RSI conditions occur in both upper and lower limbs as well affecting the spine in various areas, which in turn can cause referred pain into the limbs, making diagnosis difficult. Symptoms include numbness, tingling, sharp pain, dull ache, weakness, loss of grip and restricted movement of limbs can render people incapable of carrying out the simplest of tasks, at home or at work. Lack of accurate diagnosis and access to appropriate treatment further exacerbates the condition, frequently resulting in job loss and economic deprivation.

What are the Risks?

Whilst not confined to keyboard workers, there is no doubt that the increased prevalence of RSI is related to the huge rise in computer use since the late 1980s.

There are many actions associated with computer use which, if left uncorrected, may lead to RSI-type conditions. Some of these actions can be avoided by better workstation or equipment design, and more on this later. However, many of you will also need to consider changing your computer style.

You could be at risk if:-

- You have a tendency to type with your wrist resting on the desk in front of the keyboard
- You use the mouse by leaning against the desk and all movements pivot from the wrist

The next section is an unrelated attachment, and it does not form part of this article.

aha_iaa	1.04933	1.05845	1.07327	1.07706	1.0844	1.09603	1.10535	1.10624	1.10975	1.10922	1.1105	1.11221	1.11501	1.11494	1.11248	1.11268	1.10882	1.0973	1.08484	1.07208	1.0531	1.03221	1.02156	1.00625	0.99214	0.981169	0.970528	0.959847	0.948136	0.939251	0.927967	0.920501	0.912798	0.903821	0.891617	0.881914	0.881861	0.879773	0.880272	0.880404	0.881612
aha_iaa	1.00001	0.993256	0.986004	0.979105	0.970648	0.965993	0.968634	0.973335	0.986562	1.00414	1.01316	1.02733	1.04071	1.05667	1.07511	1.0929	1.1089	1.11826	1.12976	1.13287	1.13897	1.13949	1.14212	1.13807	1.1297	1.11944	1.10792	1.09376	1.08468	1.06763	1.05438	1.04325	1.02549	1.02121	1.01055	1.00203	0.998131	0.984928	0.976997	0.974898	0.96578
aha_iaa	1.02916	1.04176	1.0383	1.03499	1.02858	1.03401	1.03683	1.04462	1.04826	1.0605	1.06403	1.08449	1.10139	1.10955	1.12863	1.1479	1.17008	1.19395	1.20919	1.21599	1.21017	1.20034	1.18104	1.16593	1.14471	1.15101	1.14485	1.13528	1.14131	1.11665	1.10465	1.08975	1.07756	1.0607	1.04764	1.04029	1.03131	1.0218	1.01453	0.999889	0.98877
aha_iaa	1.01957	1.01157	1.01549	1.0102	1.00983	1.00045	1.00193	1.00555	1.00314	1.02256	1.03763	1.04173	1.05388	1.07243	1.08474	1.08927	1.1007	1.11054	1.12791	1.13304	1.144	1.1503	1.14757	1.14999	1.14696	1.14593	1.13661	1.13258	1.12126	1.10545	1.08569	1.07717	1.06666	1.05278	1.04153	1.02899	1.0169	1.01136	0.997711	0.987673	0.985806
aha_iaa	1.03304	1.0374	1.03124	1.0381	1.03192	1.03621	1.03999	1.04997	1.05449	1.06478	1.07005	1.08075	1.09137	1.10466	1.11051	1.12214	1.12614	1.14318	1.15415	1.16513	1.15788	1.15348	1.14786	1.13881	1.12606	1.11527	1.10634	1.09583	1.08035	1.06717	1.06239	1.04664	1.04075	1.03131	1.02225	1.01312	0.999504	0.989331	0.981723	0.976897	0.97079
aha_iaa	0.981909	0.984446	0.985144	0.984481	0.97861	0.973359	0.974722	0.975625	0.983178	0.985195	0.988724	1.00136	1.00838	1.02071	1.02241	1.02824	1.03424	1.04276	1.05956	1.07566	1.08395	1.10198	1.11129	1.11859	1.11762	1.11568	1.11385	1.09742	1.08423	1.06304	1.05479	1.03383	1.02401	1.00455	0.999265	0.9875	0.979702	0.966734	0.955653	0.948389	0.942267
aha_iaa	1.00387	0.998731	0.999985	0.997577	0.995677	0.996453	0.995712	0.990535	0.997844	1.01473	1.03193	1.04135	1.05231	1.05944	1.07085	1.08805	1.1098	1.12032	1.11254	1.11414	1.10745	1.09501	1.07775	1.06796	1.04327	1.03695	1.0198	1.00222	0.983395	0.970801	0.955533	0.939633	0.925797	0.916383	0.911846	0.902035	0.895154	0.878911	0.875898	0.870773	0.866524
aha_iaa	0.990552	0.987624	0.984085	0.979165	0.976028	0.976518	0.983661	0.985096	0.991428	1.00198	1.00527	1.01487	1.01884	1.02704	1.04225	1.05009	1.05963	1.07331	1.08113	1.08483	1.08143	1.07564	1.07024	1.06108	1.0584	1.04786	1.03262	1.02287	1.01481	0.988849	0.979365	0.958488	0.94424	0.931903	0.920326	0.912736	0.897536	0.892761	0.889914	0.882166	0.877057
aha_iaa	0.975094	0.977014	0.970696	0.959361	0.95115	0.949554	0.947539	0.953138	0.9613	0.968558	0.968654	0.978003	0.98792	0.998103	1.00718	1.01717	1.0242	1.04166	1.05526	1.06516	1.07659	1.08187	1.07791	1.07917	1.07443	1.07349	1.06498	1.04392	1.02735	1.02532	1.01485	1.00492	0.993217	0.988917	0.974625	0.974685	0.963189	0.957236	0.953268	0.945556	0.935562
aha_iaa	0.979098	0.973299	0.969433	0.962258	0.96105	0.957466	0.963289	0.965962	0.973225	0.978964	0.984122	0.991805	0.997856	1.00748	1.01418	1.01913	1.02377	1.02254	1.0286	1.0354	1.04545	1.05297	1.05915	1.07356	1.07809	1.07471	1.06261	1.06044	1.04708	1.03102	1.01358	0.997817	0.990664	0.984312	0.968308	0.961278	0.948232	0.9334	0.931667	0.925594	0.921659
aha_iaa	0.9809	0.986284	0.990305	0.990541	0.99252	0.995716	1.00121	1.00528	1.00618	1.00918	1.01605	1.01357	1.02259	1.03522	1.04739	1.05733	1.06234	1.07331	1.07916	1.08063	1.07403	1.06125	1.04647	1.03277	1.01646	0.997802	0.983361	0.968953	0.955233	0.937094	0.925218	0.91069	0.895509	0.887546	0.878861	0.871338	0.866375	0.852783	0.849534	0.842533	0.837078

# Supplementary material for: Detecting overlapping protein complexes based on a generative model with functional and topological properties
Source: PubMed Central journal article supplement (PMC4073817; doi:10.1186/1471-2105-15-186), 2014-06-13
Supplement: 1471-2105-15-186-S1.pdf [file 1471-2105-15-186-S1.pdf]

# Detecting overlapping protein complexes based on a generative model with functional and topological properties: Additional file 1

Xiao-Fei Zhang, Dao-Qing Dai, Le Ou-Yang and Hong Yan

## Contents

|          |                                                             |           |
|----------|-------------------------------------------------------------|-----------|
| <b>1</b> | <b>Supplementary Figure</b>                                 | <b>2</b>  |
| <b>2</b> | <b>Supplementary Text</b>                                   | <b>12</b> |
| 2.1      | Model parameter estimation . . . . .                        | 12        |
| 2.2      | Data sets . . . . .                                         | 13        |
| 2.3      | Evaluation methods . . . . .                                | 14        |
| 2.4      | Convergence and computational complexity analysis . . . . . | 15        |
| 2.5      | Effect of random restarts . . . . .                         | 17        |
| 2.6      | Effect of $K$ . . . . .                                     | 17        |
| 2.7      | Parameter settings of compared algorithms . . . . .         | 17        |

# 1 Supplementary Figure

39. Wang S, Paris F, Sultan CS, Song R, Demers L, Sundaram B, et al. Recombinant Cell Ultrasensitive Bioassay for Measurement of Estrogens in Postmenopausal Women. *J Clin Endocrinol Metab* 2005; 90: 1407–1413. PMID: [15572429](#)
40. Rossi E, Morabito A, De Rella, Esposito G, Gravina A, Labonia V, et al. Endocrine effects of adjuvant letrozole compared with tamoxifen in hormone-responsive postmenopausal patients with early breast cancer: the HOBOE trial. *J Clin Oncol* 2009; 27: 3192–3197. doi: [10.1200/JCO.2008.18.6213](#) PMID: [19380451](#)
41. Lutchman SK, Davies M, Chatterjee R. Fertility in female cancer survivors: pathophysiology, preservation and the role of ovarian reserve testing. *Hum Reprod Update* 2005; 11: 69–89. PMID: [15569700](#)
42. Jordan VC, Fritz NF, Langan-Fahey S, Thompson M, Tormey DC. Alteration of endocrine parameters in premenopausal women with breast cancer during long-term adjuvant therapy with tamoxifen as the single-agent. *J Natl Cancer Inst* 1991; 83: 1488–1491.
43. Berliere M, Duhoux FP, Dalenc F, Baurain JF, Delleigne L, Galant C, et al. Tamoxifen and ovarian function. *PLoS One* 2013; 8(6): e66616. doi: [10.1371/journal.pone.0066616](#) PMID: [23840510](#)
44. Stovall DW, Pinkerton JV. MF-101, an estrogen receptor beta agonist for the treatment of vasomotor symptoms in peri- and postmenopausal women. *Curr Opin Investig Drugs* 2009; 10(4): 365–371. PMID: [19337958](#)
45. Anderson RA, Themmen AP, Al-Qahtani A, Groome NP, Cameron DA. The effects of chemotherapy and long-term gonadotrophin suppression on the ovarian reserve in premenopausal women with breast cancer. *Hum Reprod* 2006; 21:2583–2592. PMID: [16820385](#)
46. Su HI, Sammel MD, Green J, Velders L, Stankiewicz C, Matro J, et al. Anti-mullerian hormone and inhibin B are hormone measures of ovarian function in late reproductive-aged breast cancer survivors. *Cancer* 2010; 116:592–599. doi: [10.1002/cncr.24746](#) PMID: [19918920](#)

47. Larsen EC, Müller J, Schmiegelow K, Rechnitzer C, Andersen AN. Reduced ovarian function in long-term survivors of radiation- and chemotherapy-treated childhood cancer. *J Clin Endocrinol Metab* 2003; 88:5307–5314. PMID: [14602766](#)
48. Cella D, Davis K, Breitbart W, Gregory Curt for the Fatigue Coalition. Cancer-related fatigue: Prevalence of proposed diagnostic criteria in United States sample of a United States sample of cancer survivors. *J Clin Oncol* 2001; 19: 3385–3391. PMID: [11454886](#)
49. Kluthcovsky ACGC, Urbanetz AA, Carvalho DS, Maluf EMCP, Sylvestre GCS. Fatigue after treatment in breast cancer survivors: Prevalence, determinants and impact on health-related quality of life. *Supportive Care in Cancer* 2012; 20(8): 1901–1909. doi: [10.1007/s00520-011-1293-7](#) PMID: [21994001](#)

- Your chair, desk or monitor is too high or too low
- You don’t take enough breaks
- Your posture is poor

Percentage of employers concerned about upper limb disorders in the workplace

LondonMidlandsNorth West NorthernSouth East Yorkshire & Humberside
Source TUC Safety Report Survey 2003

Preventative Steps that you can take

Avoid awkward postures and position your body comfortably. Keep in mind that changing your posture during extended tasks may also help you avoid discomfort and fatigue.

Adapt your surroundings and arrange your computing equipment to promote a comfortable and relaxed body posture. Set up your workstation to avoid discomfort - this depends on your unique body size and work environment - however, the following suggestions may help to provide you with a more comfortable environment.

Select a chair that supports your lower back, and adjust your work surface and chair height to assume a comfortable and natural body posture. Don't let the chair press into the back of your knees.

Clear away items from beneath your desk to allow comfortable leg positioning and movement, and use a footrest if your feet do not rest comfortably on the floor.

To minimise reaching and to promote comfortable shoulder and arm postures, place your keyboard and mouse at the same height, approx elbow level. Your upper arms should fall relaxed to your sides.

Use a headset if your job calls for constant phone use. Cradling the phone between your shoulder and neck is a sure way to see life sideways.